The number of UK independent professionals has hit 1.88 million, with women, especially freelance mums, leading the way in the decision to go solo.
Research conducted by Kingston University and commissioned by IPSE, the Association of Independent Professionals and the Self Employed, shows a 35.1% jump since 2008 in highly skilled professionals choosing to work independently. Of these a larger proportion are women (up 41.2%) compared to men (up 30.5%), while the number of mothers choosing to work in this way has risen by almost 60%.
Independent professionals are highly skilled knowledge workers who offer their services on a contract-by-contract basis. Often referred to as freelancers, contractors or micro-businesses these professionals work on projects of limited duration for their clients.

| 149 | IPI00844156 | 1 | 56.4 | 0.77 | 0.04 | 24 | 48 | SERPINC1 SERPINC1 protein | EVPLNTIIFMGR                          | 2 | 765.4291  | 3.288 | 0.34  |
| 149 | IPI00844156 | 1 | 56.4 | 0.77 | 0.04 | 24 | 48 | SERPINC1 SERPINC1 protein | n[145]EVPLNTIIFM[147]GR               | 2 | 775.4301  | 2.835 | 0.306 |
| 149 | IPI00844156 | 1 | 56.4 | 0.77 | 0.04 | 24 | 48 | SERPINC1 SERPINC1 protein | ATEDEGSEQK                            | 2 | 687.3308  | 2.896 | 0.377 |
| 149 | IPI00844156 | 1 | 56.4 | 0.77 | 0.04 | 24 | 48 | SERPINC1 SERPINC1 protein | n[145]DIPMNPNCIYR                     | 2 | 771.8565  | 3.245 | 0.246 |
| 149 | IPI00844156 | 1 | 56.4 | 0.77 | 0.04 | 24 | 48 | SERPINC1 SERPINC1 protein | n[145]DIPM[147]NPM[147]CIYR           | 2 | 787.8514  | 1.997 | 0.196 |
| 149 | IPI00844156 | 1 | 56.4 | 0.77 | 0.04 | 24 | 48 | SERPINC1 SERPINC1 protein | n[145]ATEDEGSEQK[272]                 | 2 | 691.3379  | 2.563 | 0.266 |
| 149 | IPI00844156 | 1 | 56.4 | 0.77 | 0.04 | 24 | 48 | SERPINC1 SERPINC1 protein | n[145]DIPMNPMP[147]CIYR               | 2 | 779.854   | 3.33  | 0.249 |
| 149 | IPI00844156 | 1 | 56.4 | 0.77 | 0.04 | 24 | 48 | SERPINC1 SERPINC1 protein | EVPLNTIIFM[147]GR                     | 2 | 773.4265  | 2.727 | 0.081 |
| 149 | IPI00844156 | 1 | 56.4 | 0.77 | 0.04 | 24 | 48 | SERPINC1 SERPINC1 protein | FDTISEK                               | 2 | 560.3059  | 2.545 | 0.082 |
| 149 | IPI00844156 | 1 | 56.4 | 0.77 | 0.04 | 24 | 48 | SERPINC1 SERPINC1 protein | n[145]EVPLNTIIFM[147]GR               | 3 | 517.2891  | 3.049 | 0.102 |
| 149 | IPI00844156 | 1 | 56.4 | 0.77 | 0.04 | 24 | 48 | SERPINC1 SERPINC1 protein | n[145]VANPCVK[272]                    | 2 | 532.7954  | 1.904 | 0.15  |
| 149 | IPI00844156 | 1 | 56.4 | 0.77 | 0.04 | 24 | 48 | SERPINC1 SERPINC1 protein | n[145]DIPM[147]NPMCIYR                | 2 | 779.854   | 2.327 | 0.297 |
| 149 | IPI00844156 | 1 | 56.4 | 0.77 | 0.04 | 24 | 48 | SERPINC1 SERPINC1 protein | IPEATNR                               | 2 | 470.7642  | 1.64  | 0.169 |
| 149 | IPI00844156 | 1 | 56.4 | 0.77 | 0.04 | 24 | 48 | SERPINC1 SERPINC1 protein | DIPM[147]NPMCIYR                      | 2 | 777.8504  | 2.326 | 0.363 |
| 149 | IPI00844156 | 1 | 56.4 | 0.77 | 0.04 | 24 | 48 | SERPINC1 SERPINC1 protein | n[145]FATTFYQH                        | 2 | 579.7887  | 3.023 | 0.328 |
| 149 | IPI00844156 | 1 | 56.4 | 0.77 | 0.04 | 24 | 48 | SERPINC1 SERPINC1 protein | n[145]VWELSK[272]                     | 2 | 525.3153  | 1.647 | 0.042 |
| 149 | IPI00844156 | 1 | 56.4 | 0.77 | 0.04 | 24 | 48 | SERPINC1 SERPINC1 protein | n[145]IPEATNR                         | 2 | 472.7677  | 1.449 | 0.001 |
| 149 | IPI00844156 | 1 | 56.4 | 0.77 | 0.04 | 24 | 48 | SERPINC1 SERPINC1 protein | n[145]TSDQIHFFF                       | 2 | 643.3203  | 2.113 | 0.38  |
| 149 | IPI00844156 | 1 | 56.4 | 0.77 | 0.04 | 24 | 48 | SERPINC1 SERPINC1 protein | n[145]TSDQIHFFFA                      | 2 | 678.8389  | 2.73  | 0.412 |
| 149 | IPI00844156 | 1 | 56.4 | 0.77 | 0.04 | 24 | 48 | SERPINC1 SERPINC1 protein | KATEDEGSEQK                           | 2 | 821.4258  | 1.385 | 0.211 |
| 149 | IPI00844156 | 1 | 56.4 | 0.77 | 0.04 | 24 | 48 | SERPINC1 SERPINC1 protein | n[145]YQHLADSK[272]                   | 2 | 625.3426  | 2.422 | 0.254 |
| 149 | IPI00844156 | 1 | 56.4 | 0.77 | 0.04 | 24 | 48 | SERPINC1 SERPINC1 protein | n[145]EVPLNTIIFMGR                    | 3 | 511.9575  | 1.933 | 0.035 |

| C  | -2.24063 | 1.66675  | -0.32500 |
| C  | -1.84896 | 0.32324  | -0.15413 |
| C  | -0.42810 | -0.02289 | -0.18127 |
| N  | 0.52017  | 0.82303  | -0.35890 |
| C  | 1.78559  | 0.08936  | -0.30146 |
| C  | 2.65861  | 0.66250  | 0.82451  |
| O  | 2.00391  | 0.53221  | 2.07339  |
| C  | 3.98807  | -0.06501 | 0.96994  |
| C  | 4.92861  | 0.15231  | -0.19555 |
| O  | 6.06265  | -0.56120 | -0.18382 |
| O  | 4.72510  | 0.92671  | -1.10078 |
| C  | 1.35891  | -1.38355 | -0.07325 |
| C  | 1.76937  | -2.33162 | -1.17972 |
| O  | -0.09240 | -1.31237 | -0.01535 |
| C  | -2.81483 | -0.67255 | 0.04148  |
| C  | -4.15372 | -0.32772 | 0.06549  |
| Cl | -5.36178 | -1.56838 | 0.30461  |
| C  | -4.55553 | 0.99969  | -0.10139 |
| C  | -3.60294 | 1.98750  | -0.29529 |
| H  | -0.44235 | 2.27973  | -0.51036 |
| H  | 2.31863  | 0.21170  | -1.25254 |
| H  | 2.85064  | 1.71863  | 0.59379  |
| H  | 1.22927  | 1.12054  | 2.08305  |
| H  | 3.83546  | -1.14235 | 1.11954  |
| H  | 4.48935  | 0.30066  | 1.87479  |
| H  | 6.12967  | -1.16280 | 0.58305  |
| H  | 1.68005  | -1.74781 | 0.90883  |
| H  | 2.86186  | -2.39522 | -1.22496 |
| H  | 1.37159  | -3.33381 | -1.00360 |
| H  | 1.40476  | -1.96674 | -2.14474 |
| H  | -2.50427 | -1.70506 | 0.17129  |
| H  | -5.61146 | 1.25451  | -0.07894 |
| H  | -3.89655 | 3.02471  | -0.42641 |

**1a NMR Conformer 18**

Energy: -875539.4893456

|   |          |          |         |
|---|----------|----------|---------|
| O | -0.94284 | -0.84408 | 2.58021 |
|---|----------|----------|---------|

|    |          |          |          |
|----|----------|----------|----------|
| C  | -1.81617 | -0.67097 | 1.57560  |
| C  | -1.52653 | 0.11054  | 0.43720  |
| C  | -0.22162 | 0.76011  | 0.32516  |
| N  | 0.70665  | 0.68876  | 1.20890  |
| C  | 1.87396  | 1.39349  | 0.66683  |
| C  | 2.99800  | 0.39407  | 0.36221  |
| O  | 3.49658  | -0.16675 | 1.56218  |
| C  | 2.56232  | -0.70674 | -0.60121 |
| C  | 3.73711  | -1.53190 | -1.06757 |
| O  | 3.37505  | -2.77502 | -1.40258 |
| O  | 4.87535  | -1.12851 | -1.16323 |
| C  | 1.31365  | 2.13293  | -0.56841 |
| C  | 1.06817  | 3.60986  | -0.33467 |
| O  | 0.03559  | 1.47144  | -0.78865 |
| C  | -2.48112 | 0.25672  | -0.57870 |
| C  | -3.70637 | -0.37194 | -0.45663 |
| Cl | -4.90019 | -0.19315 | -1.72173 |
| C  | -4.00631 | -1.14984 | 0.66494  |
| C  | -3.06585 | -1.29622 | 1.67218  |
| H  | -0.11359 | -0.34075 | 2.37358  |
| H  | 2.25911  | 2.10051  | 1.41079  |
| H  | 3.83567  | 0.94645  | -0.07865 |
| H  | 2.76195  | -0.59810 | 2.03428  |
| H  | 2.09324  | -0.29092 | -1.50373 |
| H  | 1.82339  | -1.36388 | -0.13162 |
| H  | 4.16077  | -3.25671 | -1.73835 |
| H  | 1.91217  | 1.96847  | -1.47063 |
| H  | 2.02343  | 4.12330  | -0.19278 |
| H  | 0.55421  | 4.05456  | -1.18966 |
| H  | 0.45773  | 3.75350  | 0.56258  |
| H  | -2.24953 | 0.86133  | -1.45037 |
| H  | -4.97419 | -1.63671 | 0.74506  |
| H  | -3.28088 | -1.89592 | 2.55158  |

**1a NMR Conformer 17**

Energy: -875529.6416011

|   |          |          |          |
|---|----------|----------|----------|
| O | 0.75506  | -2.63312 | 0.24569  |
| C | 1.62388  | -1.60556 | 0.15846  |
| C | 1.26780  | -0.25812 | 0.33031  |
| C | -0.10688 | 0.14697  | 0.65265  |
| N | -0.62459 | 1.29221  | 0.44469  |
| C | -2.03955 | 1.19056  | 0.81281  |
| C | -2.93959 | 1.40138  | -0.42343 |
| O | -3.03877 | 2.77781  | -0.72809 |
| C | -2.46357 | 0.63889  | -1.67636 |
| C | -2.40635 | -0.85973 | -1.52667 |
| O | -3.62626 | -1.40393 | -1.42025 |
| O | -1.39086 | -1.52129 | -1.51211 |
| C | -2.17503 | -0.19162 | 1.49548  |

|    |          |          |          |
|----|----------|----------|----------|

Since 2008, there has been a 26% rise in young people (16-29 years of age) choosing independent work and a 47% increase of independent professionals over the age of 60.
Commenting on the results, Suneeta Johal, Head of Research, Education and Training at IPSE, said:
“This research adds to the mounting evidence of a structural, rather than cyclical, change to the labour market. The figures are hugely impressive; an 8.7% rise in the total number of independent professionals on the year and a huge 35.1% increase since 2008 has resulted in 1.88m now working in the UK.
Breaking down the sectoral figures sheds light on how this growth has been achieved. Information Technology and Communications has seen a 71% increase in numbers, whilst health and the art and literary sectors have both seen an almost 100% increase.
In addition there has been a big increase in the number of freelance mothers. This shows that the flexibility that independent working offers is becoming a more and more attractive option for those whom a work-life balance is a priority.”
>Image: freelance mum via shutterstock